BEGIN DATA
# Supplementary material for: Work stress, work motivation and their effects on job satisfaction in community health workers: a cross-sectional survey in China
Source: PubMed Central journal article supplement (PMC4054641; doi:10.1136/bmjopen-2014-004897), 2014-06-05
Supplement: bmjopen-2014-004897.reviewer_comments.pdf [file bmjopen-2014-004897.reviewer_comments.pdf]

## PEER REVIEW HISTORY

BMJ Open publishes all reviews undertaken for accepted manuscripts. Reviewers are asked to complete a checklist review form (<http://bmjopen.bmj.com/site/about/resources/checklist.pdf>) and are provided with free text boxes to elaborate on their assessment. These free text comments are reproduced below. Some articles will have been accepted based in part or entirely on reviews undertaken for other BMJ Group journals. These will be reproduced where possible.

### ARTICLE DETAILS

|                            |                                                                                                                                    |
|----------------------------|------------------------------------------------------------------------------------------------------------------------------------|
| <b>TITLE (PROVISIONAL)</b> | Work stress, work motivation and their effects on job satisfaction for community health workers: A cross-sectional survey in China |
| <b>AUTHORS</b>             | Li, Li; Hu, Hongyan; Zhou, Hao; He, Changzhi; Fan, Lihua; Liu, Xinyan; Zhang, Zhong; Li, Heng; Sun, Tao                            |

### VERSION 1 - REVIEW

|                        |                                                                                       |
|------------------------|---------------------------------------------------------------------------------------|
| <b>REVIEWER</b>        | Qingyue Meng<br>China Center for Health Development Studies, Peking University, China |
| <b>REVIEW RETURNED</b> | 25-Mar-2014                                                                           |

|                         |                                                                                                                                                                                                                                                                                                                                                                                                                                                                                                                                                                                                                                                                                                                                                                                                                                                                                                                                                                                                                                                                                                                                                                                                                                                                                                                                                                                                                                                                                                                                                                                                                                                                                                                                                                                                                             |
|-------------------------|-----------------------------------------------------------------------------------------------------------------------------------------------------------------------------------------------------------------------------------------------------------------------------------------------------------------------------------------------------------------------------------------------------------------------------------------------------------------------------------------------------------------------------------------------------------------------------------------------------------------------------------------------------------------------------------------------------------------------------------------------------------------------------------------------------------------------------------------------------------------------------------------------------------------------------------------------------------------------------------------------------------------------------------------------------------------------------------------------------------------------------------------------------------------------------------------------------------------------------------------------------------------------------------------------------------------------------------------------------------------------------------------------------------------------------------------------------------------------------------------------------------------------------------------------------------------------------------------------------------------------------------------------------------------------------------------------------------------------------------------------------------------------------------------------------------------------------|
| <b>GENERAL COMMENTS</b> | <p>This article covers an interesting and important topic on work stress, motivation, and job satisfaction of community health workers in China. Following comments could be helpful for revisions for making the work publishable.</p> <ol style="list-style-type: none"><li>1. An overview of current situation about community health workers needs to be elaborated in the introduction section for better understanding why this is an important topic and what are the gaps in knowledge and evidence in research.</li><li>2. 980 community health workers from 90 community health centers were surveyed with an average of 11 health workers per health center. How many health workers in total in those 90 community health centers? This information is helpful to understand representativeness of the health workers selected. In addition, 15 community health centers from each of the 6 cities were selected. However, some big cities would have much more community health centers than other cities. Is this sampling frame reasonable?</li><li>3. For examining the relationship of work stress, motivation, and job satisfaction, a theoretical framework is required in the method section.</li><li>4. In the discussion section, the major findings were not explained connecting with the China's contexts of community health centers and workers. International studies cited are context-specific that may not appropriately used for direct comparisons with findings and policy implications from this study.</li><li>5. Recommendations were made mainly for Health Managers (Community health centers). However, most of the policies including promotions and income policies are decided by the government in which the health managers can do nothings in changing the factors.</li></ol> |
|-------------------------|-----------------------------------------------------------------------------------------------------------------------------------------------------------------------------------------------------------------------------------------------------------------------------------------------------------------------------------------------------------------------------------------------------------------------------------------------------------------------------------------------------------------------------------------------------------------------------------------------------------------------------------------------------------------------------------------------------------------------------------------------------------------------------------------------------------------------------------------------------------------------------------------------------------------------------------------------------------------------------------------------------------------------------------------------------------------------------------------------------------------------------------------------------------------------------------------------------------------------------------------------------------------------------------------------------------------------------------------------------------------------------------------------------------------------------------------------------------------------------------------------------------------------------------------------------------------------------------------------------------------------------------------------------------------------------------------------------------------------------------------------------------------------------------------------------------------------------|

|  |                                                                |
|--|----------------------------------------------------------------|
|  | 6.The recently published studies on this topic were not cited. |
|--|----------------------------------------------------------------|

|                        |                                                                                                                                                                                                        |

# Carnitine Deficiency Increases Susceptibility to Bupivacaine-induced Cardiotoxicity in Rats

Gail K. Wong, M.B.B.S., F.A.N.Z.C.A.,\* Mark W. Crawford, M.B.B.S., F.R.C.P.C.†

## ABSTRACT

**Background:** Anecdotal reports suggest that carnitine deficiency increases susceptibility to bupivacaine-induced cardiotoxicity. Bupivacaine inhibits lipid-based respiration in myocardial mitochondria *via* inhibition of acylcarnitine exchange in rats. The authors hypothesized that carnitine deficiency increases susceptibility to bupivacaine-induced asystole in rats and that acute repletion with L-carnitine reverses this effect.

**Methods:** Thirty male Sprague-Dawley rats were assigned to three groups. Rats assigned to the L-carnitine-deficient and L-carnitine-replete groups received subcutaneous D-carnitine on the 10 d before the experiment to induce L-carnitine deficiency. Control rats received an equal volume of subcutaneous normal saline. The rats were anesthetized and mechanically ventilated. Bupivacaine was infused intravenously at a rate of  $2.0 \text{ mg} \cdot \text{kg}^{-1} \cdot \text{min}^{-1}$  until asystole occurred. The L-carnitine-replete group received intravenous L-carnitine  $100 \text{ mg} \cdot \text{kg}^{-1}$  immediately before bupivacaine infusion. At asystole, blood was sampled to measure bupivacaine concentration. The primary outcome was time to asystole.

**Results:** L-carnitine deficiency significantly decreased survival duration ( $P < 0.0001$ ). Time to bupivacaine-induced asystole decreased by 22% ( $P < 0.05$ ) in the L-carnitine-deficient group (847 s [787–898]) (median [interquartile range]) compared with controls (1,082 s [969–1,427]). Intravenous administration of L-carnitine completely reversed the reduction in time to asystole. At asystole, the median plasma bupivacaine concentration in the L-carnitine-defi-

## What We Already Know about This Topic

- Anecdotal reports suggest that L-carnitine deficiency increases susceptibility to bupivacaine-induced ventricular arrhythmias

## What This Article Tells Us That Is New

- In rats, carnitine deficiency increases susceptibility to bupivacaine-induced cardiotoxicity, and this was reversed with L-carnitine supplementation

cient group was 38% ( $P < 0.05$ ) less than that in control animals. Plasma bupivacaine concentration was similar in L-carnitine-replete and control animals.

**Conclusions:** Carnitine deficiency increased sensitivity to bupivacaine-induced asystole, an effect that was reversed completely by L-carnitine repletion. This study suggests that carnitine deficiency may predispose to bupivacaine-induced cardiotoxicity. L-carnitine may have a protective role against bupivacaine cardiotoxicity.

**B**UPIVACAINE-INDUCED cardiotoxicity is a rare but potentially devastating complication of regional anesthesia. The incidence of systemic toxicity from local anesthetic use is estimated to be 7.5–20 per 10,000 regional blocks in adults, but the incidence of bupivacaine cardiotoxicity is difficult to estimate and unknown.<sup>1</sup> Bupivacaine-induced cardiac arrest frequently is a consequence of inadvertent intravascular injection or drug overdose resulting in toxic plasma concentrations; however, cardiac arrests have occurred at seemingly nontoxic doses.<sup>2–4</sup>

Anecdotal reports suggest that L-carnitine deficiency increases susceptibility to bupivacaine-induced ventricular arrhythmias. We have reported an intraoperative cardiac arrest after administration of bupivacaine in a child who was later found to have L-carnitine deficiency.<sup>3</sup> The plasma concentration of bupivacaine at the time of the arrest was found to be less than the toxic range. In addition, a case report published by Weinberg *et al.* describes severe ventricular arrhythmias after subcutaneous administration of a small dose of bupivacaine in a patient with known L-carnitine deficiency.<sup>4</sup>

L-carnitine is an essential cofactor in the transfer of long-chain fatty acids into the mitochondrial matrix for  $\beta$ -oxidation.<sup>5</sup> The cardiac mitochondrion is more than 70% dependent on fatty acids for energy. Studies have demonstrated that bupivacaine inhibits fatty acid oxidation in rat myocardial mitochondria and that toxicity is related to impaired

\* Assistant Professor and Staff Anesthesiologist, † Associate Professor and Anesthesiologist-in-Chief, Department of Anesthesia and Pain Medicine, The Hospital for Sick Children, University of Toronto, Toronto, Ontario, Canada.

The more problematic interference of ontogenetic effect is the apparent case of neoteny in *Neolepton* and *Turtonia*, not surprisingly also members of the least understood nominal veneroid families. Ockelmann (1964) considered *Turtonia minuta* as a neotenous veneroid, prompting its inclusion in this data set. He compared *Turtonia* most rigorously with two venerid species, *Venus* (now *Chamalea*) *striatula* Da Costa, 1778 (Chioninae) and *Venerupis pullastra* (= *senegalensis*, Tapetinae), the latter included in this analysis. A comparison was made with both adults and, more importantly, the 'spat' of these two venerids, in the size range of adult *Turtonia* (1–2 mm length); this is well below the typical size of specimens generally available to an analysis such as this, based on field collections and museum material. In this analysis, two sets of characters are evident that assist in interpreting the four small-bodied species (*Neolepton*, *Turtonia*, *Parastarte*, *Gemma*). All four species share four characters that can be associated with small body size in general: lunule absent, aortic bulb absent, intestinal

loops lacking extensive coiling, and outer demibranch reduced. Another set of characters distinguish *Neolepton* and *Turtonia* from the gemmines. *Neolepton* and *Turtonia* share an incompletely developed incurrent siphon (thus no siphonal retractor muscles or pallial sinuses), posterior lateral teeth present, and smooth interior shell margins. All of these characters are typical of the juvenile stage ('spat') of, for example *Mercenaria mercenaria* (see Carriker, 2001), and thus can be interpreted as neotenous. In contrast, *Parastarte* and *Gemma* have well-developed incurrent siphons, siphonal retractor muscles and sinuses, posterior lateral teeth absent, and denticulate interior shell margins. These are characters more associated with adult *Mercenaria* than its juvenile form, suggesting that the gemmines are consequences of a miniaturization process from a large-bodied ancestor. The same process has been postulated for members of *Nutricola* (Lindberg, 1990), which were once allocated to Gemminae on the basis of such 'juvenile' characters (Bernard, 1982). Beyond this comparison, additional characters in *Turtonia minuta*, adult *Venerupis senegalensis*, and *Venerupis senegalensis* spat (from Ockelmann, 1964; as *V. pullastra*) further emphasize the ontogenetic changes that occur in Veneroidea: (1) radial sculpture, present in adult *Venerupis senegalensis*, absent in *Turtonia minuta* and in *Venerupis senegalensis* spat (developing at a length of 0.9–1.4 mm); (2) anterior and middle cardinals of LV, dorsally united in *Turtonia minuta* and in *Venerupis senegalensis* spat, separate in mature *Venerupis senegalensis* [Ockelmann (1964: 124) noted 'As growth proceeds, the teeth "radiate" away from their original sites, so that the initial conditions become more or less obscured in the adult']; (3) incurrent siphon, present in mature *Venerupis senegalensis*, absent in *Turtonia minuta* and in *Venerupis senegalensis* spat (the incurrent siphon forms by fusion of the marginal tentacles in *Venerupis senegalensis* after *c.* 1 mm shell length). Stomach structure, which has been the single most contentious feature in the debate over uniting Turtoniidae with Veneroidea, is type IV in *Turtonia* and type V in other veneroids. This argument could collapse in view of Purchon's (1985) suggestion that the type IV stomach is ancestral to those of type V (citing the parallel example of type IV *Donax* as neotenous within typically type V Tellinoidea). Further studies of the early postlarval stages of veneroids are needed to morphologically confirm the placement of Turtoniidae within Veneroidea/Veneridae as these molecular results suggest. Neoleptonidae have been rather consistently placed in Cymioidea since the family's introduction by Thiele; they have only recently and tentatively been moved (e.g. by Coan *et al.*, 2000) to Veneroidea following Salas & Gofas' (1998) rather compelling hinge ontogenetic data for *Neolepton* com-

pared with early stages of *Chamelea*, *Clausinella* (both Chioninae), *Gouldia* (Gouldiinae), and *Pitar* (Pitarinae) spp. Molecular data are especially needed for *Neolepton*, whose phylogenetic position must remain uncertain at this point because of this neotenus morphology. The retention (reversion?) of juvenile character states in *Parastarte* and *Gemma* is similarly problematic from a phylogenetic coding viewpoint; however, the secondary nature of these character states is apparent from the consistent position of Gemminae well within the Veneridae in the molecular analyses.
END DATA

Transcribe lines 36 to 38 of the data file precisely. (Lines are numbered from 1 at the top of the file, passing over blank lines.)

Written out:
**Conclusions:** Carnitine deficiency increased sensitivity to bupivacaine-induced asystole, an effect that was reversed completely by L-carnitine repletion. This study suggests that carnitine deficiency may predispose to bupivacaine-induced cardiotoxicity. L-carnitine may have a protective role against bupivacaine cardiotoxicity.

**B**UPIVACAINE-INDUCED cardiotoxicity is a rare but potentially devastating complication of regional anesthesia. The incidence of systemic toxicity from local anesthetic use is estimated to be 7.5–20 per 10,000 regional blocks in adults, but the incidence of bupivacaine cardiotoxicity is difficult to estimate and unknown.<sup>1</sup> Bupivacaine-induced cardiac arrest frequently is a consequence of inadvertent intravascular injection or drug overdose resulting in toxic plasma concentrations; however, cardiac arrests have occurred at seemingly nontoxic doses.<sup>2–4</sup>

Anecdotal reports suggest that L-carnitine deficiency increases susceptibility to bupivacaine-induced ventricular arrhythmias. We have reported an intraoperative cardiac arrest after administration of bupivacaine in a child who was later found to have L-carnitine deficiency.<sup>3</sup> The plasma concentration of bupivacaine at the time of the arrest was found to be less than the toxic range. In addition, a case report published by Weinberg *et al.* describes severe ventricular arrhythmias after subcutaneous administration of a small dose of bupivacaine in a patient with known L-carnitine deficiency.<sup>4</sup>